Fake reviews to be illegal under new rules

Five star review on tablet deviceImage source, Getty Images

People are set to be better protected from fake reviews and "subscription traps" under plans to tackle rip-offs. 

Proposals include making it "clearly illegal" to pay someone to write or host fake reviews.

A competition watchdog will get new powers to fine firms up to 10% of their global turnover for bad business practices.

But an industry group said the new rules shouldn't put "any further unnecessary burdens on businesses".

The average UK household spends about £900 each year after being influenced by online reviews and spends £60 on "unwanted subscriptions", the government said.

Under the proposed rules, there will be a new laws against offering to write and commissioning fake reviews.

Websites hosting consumer reviews will have to take reasonable steps to check they are genuine.

Reviews website Trustpilot said it "welcomes legislation introduced with the aim of protecting consumers from fake reviews".

It said it is "continually working to ensure we are taking appropriate action against attempts to manipulate reviews on our site".

Tripadvisor, a travel reviews website, said its operations "are geared towards identifying, blocking and removing fake reviews".

"The most direct way to protect consumers from biased and inaccurate information is to focus public policies and enforcement on the bad actors," said Becky Foley, senior safety director at Tripadvisor.

Subscription action

The government also wants to bring in new rules against "subscription traps", in which businesses make it difficult to leave a contract.

Businesses will have to give clearer information to consumers before they sign up to a subscription contract.

They will need to send a reminder that a free trial or low-cost introductory offer is coming to an end, and ensure customers can leave a contract in a "straightforward, cost-effective and timely way", the government said.

Image source, Getty Images

Small business minister Paul Scully said the consumers deserved better and the majority of business doing the "right thing" deserved "protection from rogue traders undermining them".

"No longer will you visit a five star-reviewed restaurant only to find a burnt lasagne or get caught in a subscription in which there's no end in sight," he said.

If the government proposals are made into law, prepayment schemes such as Christmas savings clubs will also have to safeguard fully customers' money through insurance or trust accounts.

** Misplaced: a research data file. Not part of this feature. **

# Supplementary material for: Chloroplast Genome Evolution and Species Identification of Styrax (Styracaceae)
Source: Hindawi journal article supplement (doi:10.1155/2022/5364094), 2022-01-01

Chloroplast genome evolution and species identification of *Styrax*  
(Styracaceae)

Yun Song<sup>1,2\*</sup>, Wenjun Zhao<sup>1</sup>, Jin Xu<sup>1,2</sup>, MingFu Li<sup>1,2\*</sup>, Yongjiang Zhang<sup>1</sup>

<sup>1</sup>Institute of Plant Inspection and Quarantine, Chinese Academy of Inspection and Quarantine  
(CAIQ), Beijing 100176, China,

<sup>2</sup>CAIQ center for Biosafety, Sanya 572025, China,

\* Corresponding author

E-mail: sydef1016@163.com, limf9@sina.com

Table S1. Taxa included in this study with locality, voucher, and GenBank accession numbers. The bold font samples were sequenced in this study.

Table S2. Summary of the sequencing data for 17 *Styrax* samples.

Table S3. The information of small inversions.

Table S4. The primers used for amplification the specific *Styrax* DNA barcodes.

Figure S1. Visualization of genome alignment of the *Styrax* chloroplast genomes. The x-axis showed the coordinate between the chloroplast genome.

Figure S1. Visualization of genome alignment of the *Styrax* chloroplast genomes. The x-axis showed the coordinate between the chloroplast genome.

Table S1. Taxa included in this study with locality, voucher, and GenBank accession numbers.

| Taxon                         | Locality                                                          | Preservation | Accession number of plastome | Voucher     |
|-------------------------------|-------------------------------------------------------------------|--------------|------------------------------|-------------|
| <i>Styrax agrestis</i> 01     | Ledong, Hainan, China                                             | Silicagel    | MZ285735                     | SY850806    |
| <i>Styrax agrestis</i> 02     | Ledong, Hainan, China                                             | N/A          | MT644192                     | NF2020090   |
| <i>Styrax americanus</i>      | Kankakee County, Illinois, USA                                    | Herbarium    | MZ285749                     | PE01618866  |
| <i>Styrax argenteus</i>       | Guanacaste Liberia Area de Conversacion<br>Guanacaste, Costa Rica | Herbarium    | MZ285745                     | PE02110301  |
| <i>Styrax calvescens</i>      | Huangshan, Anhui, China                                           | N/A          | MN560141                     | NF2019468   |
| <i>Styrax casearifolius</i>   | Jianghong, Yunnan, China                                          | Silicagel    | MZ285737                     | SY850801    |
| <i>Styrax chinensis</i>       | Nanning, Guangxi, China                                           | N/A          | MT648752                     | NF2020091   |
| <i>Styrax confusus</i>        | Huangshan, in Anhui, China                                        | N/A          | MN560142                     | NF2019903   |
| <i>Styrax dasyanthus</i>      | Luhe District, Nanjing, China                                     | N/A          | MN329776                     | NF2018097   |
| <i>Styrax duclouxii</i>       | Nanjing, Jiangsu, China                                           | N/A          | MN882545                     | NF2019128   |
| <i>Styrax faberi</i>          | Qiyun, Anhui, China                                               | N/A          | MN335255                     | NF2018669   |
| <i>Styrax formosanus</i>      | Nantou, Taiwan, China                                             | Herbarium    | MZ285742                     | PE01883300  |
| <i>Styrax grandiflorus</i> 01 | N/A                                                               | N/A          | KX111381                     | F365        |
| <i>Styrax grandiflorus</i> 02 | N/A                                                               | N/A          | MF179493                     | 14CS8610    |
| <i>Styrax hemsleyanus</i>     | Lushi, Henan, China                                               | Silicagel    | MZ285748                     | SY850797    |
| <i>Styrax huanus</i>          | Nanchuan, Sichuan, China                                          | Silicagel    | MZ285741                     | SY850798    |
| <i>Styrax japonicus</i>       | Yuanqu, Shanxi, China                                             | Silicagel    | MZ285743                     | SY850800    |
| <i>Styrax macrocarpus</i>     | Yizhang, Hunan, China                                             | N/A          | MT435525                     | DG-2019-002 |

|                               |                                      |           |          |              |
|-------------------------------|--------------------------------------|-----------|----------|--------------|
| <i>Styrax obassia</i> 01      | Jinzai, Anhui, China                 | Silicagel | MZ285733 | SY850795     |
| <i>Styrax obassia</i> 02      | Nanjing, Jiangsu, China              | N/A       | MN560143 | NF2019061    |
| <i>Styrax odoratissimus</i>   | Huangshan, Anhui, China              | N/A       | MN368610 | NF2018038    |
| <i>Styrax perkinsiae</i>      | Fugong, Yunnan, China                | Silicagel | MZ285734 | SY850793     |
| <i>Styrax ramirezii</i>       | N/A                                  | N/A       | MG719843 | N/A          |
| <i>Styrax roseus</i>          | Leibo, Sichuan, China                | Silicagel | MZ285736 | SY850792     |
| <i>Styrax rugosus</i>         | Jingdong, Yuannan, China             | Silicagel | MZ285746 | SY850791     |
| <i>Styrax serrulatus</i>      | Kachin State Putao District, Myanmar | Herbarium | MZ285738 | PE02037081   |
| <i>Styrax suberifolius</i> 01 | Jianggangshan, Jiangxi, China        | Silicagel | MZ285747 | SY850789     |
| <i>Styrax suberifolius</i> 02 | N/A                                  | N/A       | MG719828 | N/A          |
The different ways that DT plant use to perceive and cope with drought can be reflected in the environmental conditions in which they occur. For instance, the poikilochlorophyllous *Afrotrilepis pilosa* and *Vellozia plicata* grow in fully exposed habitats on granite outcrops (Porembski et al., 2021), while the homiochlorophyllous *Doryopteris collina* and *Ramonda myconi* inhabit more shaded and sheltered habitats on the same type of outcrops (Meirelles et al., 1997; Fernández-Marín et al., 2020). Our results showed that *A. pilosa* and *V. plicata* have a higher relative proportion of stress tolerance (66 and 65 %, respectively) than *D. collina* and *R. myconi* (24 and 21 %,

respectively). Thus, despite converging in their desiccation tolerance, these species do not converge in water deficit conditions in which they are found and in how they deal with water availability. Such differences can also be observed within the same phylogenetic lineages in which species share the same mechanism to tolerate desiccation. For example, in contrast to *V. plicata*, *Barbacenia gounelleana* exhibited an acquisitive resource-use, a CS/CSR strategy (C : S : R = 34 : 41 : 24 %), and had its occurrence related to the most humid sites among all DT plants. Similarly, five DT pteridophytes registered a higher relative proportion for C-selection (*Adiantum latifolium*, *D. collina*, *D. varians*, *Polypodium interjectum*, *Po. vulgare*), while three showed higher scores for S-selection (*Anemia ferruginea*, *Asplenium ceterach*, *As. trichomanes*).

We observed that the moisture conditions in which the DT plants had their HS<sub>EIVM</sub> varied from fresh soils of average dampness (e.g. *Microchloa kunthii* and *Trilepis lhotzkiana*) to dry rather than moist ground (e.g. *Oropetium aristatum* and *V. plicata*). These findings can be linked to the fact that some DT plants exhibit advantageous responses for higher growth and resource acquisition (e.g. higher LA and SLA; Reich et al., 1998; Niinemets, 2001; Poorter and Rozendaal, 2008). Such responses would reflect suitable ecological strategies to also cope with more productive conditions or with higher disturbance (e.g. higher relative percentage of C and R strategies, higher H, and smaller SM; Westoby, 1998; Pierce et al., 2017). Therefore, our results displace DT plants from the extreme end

Shoppers' savings clubs - where consumers pay for goods and services in instalments throughout the year - are not currently covered by the Financial Services Compensation Scheme.

Under the proposals, even if the company goes bust, shoppers' money will still be protected.

The rules aim to prevent issues such as the collapse of Christmas savings club Farepak, which saw tens of thousands of people lose money when the company went bust in 2006.

Watchdog powers

The Competition and Markets Authority (CMA) will be able to award compensation to consumers and directly impose financial penalties worth up to 10% of global annual turnover for businesses that transgress the new rules, or up to £300,000 in the case of an individual.

The government said CMA's new powers will mean cases will no longer need to go through the courts.

Instead, the CMA will be able to award compensation to consumers and directly impose financial penalties.

Rocio Concha, Which? director of policy and advocacy, said the impact of fake reviews was "enormous".

She said the process to "hold businesses to account" was "far too complicated and lengthy".

"Britain's consumer and competition laws are in desperate need of an upgrade," Ms Concha added.

'Devil in the detail'

Kate Nicholls, chief executive of UK Hospitality, said the extra powers the CMA stands to gain would "help stamp out the practice of fake reviews, which do irreparable damage to businesses".

However, she said the "devil will be in the detail" of the policy.

UK Hospitality wants to see that the "consumers are safeguarded without placing any further unnecessary burdens on businesses".

She said the new CMA powers should not "unfairly punish businesses" especially small businesses, adding that there needed to be "a clear right of appeal".

"Fairness for both businesses and consumers, particularly when it comes to offering refunds, will be crucial and any new measures must also be made in the context of a sector facing an onslaught of challenges after a difficult two years," she added.

The government also said the CMA's powers will allow it to "have stronger tools to tackle companies colluding to bump-up prices" and to also stop "killer acquisitions" in which big businesses snap up rivals before they can launch new products or services.

CMA chief executive Andrea Coscelli said the new rules were an "important milestone towards strengthening the CMA's ability to hold companies to account, promote fair and open markets, and protect UK consumers".